Sublime restaurant in Fort Lauderdale, a fixture and forerunner of South Florida’s vegan and vegetarian scene, shuttered suddenly this week after 15 years, leaving legions of fans upset and some customers wondering about whether they will get refunds on unused gift cards.
“I have mixed feelings, but it was just the right time for me to close,” Sublime owner and founder Nanci Alexander, 71, says in a telephone interview Thursday. “Running a restaurant, it’s draining.”
Alexander is noncommital about refunds on gift cards.
“There are unused cards every year. How can I refund them?” Alexander says. Asked if she could issue checks to gift-card holders upon request, Alexander says, “I don’t know yet.”
The surprise closing was in contrast with the planned finale of another highly regarded Florida restaurant, 32 East in Delray Beach, which served its final meals this week after 22 years. Sublime and 32 East each earned four-star reviews from the Sun Sentinel and SouthFlorida.com in the past, and repeated accolades in the annual Best of South Florida competition.
Sublime, a striking, 11,000-square-foot standalone building on North Federal Highway, attracted visiting celebrities such as Paul McCartney, Alicia Silverstone and Pamela Anderson and featured a waterfall wall along with popular dishes such as cauliflower fritto misto, mushroom ravioli and coconut cake. When Alec Baldwin was in town filming “Rock of Ages,” he dined at Sublime and tweeted that it was “the Le Bernardin of vegan cuisine.”
But the fine-dining restaurant had lost its luster in recent years, as vegan cuisine expanded with newer, trendier and bolder options, including fast-casual Green Bar in Fort Lauderdale and striking newcomers in Miami-Dade County such as Plant Miami (formerly Plant Food + Wine) near Wynwood, and Planta, a new venture in South Beach from nightclub mogul David Grutman.
Alexander, an animal-rights activist who held fundraisers and awards banquets for PETA and other groups, says business remained steady, but she tired of ongoing construction and traffic in the area, near the big bend where U.S. 1 and East Sunrise Boulevard merge. She said Sublime was a project that consumed nearly two decades of her life, including the land acquisition and construction. She bought the site for $1.66 million in 2001 and opened Sublime in 2003. The site is now valued at $3 million by the Broward County Property Appraiser and has an annual property tax bill surpassing $60,000.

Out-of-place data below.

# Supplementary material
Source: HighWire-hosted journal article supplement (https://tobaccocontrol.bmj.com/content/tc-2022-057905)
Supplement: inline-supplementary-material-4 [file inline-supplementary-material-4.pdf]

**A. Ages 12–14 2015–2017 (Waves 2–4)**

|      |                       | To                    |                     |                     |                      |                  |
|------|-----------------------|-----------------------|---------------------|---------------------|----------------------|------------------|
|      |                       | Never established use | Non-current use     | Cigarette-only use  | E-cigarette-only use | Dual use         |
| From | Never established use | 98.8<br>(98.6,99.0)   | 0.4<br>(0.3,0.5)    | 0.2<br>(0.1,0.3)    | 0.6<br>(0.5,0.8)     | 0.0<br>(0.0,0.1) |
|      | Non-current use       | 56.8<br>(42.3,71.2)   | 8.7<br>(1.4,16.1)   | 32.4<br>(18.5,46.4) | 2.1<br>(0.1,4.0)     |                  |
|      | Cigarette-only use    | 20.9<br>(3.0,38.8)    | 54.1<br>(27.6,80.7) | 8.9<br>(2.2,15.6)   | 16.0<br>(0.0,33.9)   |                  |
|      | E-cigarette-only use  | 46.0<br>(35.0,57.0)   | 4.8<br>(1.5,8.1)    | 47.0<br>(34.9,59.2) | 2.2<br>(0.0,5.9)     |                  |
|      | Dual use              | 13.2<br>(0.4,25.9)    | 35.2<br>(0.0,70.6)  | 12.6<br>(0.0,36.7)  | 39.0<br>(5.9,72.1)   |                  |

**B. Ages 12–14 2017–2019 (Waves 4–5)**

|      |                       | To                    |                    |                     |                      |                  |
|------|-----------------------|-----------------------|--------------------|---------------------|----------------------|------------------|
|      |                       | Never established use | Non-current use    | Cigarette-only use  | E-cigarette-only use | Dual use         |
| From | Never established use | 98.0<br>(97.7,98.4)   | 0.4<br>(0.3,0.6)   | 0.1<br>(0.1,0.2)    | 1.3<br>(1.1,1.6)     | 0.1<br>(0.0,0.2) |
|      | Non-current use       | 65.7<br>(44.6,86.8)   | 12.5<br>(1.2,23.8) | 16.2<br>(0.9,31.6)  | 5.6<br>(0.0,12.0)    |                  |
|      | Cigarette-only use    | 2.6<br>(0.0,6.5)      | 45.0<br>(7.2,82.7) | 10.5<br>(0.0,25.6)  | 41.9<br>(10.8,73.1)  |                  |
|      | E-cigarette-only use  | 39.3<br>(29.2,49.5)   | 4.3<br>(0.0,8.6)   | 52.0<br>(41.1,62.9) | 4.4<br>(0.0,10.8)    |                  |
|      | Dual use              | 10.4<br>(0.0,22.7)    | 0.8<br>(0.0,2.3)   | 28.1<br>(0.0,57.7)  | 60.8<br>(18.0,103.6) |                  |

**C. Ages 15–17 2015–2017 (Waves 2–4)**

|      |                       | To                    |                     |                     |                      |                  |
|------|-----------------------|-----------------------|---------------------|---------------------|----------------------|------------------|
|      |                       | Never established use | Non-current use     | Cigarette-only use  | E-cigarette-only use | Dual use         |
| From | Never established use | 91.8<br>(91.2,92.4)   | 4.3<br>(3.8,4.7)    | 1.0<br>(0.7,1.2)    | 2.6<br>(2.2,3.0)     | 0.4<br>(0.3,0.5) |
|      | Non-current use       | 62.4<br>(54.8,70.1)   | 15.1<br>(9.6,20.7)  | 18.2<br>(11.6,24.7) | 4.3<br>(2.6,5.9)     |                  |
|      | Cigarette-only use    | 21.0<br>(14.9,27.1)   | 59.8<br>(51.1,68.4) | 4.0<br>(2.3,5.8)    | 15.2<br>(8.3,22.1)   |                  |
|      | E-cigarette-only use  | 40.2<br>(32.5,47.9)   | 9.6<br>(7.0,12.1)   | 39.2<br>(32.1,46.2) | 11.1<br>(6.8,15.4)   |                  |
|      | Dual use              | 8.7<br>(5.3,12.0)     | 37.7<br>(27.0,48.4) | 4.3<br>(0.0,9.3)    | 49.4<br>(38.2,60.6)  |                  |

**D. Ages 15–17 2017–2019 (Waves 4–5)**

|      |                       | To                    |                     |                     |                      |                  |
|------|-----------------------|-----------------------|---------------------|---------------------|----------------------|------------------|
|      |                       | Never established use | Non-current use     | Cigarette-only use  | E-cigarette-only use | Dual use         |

Alexander says she intends to sell the site, but only to another vegan or animal-friendly operator. “It can be another vegan restaurant, or a nightclub or some kind of artistic space, but it’s not going to be a leather furniture showroom,” she says. “I’m asking some of my vegan friends and contacts around the country if anybody is interested. The area keeps growing and there are more vegans and vegetarians than ever.”
Alexander announced the closing on Facebook on May 15, the day after final service on Mother’s Day. She thanked loyal customers and asked them to “embark on [a path] in pursuit of compassion for all,” including animals. She said she plans to continue the Animal Rights Foundation of Florida, a nonprofit she ran in conjunction with the restaurant.
“This is going to leave a huge void in the vegan community in South Florida,” customer Judy Campbell Karpis wrote on Sublime’s Facebook page.
Neil Kaplan wrote, “Sorry to see the end of a South Florida institution, the restaurant that started it all locally.”
At least a half-dozen customers posted inquiries about unused gift cards, noting the restaurant’s phone is not accepting messages. Kent Atherton wrote on the Sublime Facebook page that he had $300 in unused gift cards and hadn’t gotten a response about a refund. “Rather disheartening after the years we went there and then stiffing us,” Atherton wrote. “It kinda hurts … We can only hope Nanci is reading our comments and will decide to do the right thing.”
A Facebook commenter named Robert Bill wrote, “Maybe you should have listened to your guests asking for a new menu. Abruptly shutting down shows your lack of respect for your employees.”
At 32 East, employees had ample advance notice after owner Butch Johnson announced last year that the restaurant would close after Mother’s Day 2018 to make way for a new outpost of Louie Bossi Ristorante. The mood in the restaurant was more celebratory than somber on Sunday night, and the server who took care of my table gushed about how she has been allowed to hold two jobs the past few months, starting at Houston’s in Boca Raton earlier this year.
32 East opened in 1996 and spurred the redevelopment of the Atlantic Avenue corridor into one of South Florida’s top entertainment and dining destinations
Johnson, who turned 70 this month, was on hand with his wife and business partners for a final meal on Sunday, and to say farewell to loyal customers. “It’s been a bittersweet few weeks, but I feel good about what we have done,” Johnson said. Johnson said he might look to open a smaller restaurant in an undeveloped area of Palm Beach County. Longtime general manager and wine maven John Bates has announced he is launching a new winetasting room and kitchen later this year on Atlantic Avenue, in the former home of Caffe Martier.
Executive chef John Thomas is exploring his options, and he will cook two popup dinners in upcoming weeks at Jewell Bistro in Lake Worth. He also changed his Instagram handle from “chefJT_32east” to “chefJT_ronin.” As Thomas explained in his Instagram bio, ronin is “a wandering samurai who has no lord or master.”